Tropical Pacific Ocean Mixed Layer Heat Budget: The Pacific Cold Tongue

Mark S. Swenson National Oceanic and Atmospheric Administration/Atlantic Oceanographic and Meteorological Laboratory, Miami, Florida

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Donald V. Hansen Cooperative Institute for Marine and Atmospheric Studies, University of Miami, Miami, Florida

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Abstract

Data from satellite-tracked drifting buoys and VOS/XBT profiles for the years 1979–95 were used to evaluate the seasonal cycle of how major oceanic processes redistribute heat in the cold tongue region of the tropical Pacific. The most active processes for the annual cycle are local heat storage and heat export by entrainment of upwelling and by mean meridional advection. Heat export by zonal advection, however, is not negligible, and meridional eddy heat fluxes associated with tropical instability waves effect a negative feedback that offsets a considerable fraction of that produced by the mean meridional advection. All of these processes mimic the essentially one cycle per year of the surface wind stress, as do those of the depths of both the bottom of the surface mixed layer and the thermocline. Because it is associated with poleward Ekman transports, upwelling, and baroclinic adjustment near the equator, the zonal wind stress component appears to be the more important. The meridional wind stress, while weaker in the annual mean, has a larger annual variation and, therefore, has equal influence on the annual variation of the scalar stress and perhaps the mixed layer thickness. The Monin–Obukov length is found to underestimate the mixed layer thickness considerably. Finally, the authors produce the first estimates of the seasonal cycle of eddy heat flux convergence, which plays a significant role in the evolution of the cold tongue, and show that the eddy heat flux convergence can be quantitatively modeled as eddy diffusion with a diffusivity derived from single-particle buoy statistics.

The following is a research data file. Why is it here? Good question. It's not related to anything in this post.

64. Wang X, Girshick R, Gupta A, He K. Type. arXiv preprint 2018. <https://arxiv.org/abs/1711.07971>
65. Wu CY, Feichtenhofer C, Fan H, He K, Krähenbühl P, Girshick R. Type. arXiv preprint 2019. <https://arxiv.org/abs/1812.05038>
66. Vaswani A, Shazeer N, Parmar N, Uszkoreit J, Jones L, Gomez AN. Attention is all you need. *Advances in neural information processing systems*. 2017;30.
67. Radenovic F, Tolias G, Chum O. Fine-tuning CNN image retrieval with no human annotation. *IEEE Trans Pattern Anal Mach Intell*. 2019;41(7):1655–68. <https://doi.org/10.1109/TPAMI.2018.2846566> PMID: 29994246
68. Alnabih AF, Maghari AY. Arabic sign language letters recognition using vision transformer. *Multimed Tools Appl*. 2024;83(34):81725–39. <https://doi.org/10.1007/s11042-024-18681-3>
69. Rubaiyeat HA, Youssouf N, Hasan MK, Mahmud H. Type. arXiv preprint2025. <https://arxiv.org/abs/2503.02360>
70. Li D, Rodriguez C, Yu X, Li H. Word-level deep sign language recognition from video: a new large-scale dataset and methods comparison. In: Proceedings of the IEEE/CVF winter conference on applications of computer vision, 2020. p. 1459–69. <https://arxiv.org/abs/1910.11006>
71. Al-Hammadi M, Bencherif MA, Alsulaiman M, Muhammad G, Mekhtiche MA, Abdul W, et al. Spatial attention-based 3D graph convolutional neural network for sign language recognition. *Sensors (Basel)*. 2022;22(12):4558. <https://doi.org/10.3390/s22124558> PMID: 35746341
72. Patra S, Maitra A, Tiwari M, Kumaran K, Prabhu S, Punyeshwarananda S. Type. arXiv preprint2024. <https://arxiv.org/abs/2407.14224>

Corresponding author address: Dr. Mark S. Swenson, NOAA/AOML, 4301 Rickenbacker Causeway, Miami, FL 33149.

Email: swenson@aoml.noaa.gov

Abstract

Data from satellite-tracked drifting buoys and VOS/XBT profiles for the years 1979–95 were used to evaluate the seasonal cycle of how major oceanic processes redistribute heat in the cold tongue region of the tropical Pacific. The most active processes for the annual cycle are local heat storage and heat export by entrainment of upwelling and by mean meridional advection. Heat export by zonal advection, however, is not negligible, and meridional eddy heat fluxes associated with tropical instability waves effect a negative feedback that offsets a considerable fraction of that produced by the mean meridional advection. All of these processes mimic the essentially one cycle per year of the surface wind stress, as do those of the depths of both the bottom of the surface mixed layer and the thermocline. Because it is associated with poleward Ekman transports, upwelling, and baroclinic adjustment near the equator, the zonal wind stress component appears to be the more important. The meridional wind stress, while weaker in the annual mean, has a larger annual variation and, therefore, has equal influence on the annual variation of the scalar stress and perhaps the mixed layer thickness. The Monin–Obukov length is found to underestimate the mixed layer thickness considerably. Finally, the authors produce the first estimates of the seasonal cycle of eddy heat flux convergence, which plays a significant role in the evolution of the cold tongue, and show that the eddy heat flux convergence can be quantitatively modeled as eddy diffusion with a diffusivity derived from single-particle buoy statistics.

Corresponding author address: Dr. Mark S. Swenson, NOAA/AOML, 4301 Rickenbacker Causeway, Miami, FL 33149.

Email: swenson@aoml.noaa.gov

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